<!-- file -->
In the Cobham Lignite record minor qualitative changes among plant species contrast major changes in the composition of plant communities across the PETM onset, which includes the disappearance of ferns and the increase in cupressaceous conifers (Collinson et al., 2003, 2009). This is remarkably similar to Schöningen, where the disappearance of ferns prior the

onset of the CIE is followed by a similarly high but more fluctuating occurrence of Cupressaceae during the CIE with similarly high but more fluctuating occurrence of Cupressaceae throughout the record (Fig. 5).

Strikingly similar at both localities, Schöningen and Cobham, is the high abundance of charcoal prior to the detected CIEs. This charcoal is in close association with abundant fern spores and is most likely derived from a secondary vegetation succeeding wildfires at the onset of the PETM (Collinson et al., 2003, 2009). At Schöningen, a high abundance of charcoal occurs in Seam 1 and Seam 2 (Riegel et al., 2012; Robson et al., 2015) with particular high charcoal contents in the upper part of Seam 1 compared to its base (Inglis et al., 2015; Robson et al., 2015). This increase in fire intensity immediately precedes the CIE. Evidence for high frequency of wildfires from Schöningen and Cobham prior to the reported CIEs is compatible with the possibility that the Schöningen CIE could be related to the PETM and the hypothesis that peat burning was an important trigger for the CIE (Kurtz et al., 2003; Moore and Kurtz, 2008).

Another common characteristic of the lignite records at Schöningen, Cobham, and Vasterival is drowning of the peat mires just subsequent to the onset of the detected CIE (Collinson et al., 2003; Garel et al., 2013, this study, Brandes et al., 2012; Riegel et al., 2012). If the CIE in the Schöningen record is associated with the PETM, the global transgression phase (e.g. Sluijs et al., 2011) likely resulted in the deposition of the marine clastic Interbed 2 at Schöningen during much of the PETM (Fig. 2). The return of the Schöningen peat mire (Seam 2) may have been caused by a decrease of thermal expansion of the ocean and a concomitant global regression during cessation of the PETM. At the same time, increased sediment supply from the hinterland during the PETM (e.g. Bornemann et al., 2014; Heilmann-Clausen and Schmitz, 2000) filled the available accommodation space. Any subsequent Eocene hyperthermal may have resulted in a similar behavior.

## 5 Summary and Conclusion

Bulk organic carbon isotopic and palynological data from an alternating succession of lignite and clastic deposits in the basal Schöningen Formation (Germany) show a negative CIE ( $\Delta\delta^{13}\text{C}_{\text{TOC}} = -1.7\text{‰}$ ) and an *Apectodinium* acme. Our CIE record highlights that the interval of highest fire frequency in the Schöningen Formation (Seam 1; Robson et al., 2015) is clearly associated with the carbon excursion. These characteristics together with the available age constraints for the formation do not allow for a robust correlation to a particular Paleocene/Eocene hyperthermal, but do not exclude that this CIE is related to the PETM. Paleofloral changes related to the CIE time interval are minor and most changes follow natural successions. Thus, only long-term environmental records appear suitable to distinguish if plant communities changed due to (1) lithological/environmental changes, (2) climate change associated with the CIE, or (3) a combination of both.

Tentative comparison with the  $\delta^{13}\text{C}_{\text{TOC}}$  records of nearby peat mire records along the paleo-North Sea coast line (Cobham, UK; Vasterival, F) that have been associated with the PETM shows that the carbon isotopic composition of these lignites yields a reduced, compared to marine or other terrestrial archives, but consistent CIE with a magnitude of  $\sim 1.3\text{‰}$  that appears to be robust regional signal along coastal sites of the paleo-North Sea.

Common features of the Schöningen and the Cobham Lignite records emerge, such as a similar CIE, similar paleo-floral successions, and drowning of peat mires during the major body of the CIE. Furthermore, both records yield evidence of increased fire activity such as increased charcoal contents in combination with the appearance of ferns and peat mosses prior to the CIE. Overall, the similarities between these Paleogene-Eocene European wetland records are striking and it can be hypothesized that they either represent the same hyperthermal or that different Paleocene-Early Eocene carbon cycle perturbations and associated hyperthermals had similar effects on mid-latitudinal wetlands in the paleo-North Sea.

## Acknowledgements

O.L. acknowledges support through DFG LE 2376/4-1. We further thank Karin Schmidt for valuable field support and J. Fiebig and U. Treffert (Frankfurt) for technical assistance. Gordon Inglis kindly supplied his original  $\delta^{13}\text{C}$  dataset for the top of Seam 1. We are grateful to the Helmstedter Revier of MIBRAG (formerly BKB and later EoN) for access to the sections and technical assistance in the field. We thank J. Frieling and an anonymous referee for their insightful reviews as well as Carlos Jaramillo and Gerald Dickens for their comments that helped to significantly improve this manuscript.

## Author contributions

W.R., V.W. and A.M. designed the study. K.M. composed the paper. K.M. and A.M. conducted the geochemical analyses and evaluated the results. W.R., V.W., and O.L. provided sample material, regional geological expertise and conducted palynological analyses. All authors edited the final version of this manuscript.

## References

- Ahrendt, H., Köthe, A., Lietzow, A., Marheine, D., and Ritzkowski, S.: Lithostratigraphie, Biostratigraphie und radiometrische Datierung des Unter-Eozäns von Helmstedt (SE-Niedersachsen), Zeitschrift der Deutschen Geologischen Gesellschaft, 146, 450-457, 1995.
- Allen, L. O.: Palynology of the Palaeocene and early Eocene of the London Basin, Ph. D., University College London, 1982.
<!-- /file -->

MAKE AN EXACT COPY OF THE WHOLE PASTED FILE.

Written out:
In the Cobham Lignite record minor qualitative changes among plant species contrast major changes in the composition of plant communities across the PETM onset, which includes the disappearance of ferns and the increase in cupressaceous conifers (Collinson et al., 2003, 2009). This is remarkably similar to Schöningen, where the disappearance of ferns prior the

onset of the CIE is followed by a similarly high but more fluctuating occurrence of Cupressaceae during the CIE with similarly high but more fluctuating occurrence of Cupressaceae throughout the record (Fig. 5).

Strikingly similar at both localities, Schöningen and Cobham, is the high abundance of charcoal prior to the detected CIEs. This charcoal is in close association with abundant fern spores and is most likely derived from a secondary vegetation succeeding wildfires at the onset of the PETM (Collinson et al., 2003, 2009). At Schöningen, a high abundance of charcoal occurs in Seam 1 and Seam 2 (Riegel et al., 2012; Robson et al., 2015) with particular high charcoal contents in the upper part of Seam 1 compared to its base (Inglis et al., 2015; Robson et al., 2015). This increase in fire intensity immediately precedes the CIE. Evidence for high frequency of wildfires from Schöningen and Cobham prior to the reported CIEs is compatible with the possibility that the Schöningen CIE could be related to the PETM and the hypothesis that peat burning was an important trigger for the CIE (Kurtz et al., 2003; Moore and Kurtz, 2008).

Another common characteristic of the lignite records at Schöningen, Cobham, and Vasterival is drowning of the peat mires just subsequent to the onset of the detected CIE (Collinson et al., 2003; Garel et al., 2013, this study, Brandes et al., 2012; Riegel et al., 2012). If the CIE in the Schöningen record is associated with the PETM, the global transgression phase (e.g. Sluijs et al., 2011) likely resulted in the deposition of the marine clastic Interbed 2 at Schöningen during much of the PETM (Fig. 2). The return of the Schöningen peat mire (Seam 2) may have been caused by a decrease of thermal expansion of the ocean and a concomitant global regression during cessation of the PETM. At the same time, increased sediment supply from the hinterland during the PETM (e.g. Bornemann et al., 2014; Heilmann-Clausen and Schmitz, 2000) filled the available accommodation space. Any subsequent Eocene hyperthermal may have resulted in a similar behavior.

## 5 Summary and Conclusion

Bulk organic carbon isotopic and palynological data from an alternating succession of lignite and clastic deposits in the basal Schöningen Formation (Germany) show a negative CIE ( $\Delta\delta^{13}\text{C}_{\text{TOC}} = -1.7\text{‰}$ ) and an *Apectodinium* acme. Our CIE record highlights that the interval of highest fire frequency in the Schöningen Formation (Seam 1; Robson et al., 2015) is clearly associated with the carbon excursion. These characteristics together with the available age constraints for the formation do not allow for a robust correlation to a particular Paleocene/Eocene hyperthermal, but do not exclude that this CIE is related to the PETM. Paleofloral changes related to the CIE time interval are minor and most changes follow natural successions. Thus, only long-term environmental records appear suitable to distinguish if plant communities changed due to (1) lithological/environmental changes, (2) climate change associated with the CIE, or (3) a combination of both.

Tentative comparison with the  $\delta^{13}\text{C}_{\text{TOC}}$  records of nearby peat mire records along the paleo-North Sea coast line (Cobham, UK; Vasterival, F) that have been associated with the PETM shows that the carbon isotopic composition of these lignites yields a reduced, compared to marine or other terrestrial archives, but consistent CIE with a magnitude of  $\sim 1.3\text{‰}$  that appears to be robust regional signal along coastal sites of the paleo-North Sea.

Common features of the Schöningen and the Cobham Lignite records emerge, such as a similar CIE, similar paleo-floral successions, and drowning of peat mires during the major body of the CIE. Furthermore, both records yield evidence of increased fire activity such as increased charcoal contents in combination with the appearance of ferns and peat mosses prior to the CIE. Overall, the similarities between these Paleogene-Eocene European wetland records are striking and it can be hypothesized that they either represent the same hyperthermal or that different Paleocene-Early Eocene carbon cycle perturbations and associated hyperthermals had similar effects on mid-latitudinal wetlands in the paleo-North Sea.

## Acknowledgements

O.L. acknowledges support through DFG LE 2376/4-1. We further thank Karin Schmidt for valuable field support and J. Fiebig and U. Treffert (Frankfurt) for technical assistance. Gordon Inglis kindly supplied his original  $\delta^{13}\text{C}$  dataset for the top of Seam 1. We are grateful to the Helmstedter Revier of MIBRAG (formerly BKB and later EoN) for access to the sections and technical assistance in the field. We thank J. Frieling and an anonymous referee for their insightful reviews as well as Carlos Jaramillo and Gerald Dickens for their comments that helped to significantly improve this manuscript.

## Author contributions

W.R., V.W. and A.M. designed the study. K.M. composed the paper. K.M. and A.M. conducted the geochemical analyses and evaluated the results. W.R., V.W., and O.L. provided sample material, regional geological expertise and conducted palynological analyses. All authors edited the final version of this manuscript.

## References

- Ahrendt, H., Köthe, A., Lietzow, A., Marheine, D., and Ritzkowski, S.: Lithostratigraphie, Biostratigraphie und radiometrische Datierung des Unter-Eozäns von Helmstedt (SE-Niedersachsen), Zeitschrift der Deutschen Geologischen Gesellschaft, 146, 450-457, 1995.
- Allen, L. O.: Palynology of the Palaeocene and early Eocene of the London Basin, Ph. D., University College London, 1982.